Nothing holds a candle to the packed size of Matador's Freefly 30L duffle though, which fits in the palm of your hand when shoved into its tiny stuff sack, and weighs a scant 8.5 ounces. Duffels like this are great solutions for throwing into larger suitcases to be used on shorter missions during your trip, or as backup luggage.

While a duffel bag's weight doesn't matter as much as that of an ultralight backpack, it is still an important consideration when planning your trip. Rolling duffels, for instance, can have dry weights north of eight pounds (like the Patagonia Black Hole wheeled duffel), which is a significant chunk out of the 50-pound weight limit of checked baggage on most airlines.

This is where duffel bag manufacturers truly flex their creative muscles. Simple side handles with a shoulder strap, removable backpack harness that stows into a pocket, or handles that transform into backpack straps and snap together with a magnet — this feature can get complicated. It is an admittedly difficult conundrum for these brands. How do they keep the bag streamlined and easy to throw around, while making it comfortable enough to carry long distances?

Versatility is key when handling duffel bags, and different situations require you to carry them in different ways. You may just need a small handle on the side to transport your bag into another room or pull it from the bed of a truck. A single shoulder strap while lugging it between airport gates may suffice, while it makes sense to use a full backpack harness when walking across town. A good duffel bag can be grabbed from any angle and carried with ease.

You’ll see a lot of variety in the strap designs of duffel bags. Most will have some way of either carrying the bag slung over your shoulder with a single padded strap, or as a traditional backpack with two shoulder straps (generally found on models with larger volumes).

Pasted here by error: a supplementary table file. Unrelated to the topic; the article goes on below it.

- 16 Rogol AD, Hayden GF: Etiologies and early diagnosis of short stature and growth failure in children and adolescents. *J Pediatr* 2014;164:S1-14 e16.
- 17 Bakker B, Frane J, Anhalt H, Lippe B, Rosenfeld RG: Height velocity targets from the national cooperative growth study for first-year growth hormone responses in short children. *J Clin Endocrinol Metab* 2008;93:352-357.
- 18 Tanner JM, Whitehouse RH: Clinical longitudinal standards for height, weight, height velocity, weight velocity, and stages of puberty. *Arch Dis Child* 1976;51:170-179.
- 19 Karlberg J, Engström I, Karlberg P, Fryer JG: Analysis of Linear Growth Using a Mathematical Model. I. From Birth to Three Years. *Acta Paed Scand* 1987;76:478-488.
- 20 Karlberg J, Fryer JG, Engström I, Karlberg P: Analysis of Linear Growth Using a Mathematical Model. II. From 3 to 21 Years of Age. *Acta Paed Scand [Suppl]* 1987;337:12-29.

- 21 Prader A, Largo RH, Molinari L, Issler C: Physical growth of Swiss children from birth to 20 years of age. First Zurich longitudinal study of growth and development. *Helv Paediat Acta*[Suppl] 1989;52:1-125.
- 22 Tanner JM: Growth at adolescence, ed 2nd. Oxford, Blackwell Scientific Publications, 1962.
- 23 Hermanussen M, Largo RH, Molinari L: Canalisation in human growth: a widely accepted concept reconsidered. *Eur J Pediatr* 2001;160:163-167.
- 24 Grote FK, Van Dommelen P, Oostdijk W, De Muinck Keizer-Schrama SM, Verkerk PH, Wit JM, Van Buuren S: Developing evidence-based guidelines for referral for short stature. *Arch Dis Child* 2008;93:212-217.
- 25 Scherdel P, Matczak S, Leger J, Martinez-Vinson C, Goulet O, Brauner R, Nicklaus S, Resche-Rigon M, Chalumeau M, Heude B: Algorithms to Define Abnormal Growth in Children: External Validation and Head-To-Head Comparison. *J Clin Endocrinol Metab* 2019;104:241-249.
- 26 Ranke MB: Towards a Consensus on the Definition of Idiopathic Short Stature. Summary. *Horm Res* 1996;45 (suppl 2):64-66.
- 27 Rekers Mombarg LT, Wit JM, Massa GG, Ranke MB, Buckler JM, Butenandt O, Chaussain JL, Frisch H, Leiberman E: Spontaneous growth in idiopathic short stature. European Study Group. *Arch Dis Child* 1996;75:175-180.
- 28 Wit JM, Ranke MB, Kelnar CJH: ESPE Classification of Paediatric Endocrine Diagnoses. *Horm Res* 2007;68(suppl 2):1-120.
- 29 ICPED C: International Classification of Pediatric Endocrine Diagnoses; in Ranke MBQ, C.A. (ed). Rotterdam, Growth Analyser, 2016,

Our favorite layout for easy handling is two top carry handles, two haul handles on the top and bottom, and removable padded backpack straps. For us, this allows for maximum carrying comfort and quick organization during the duffle shuffle.

These bags get chucked around a lot, so the fewer loops and straps that could get snagged on things the better. For that reason, shoulder straps will usually be fully removable, or able to be tucked away in a pouch on the lid or side.

The Sea to Summit Duffel features one of the more unique carrying designs we’ve seen. Cozy, contoured harness straps easily clip to the top and bottom of the pack, and have above-average padding for heavy loads. When you want to pick the bag up without wearing it on your back, magnets in the shoulder straps quickly snap together to form an effective carrying handle.

Peak Design's Travel Duffel also has a good deal of modularity and allows you to configure its straps in different ways depending on how you want to carry it throughout your trip.

No matter how fancy the strap system is on a duffel, they will almost never be as comfortable as an actual backpacking backpack, so don't plan on clocking serious miles with them. Though some will have hipbelts, without a backpack frame, beefy foam shoulder straps, or ventilation systems, they tend to wear you down pretty fast.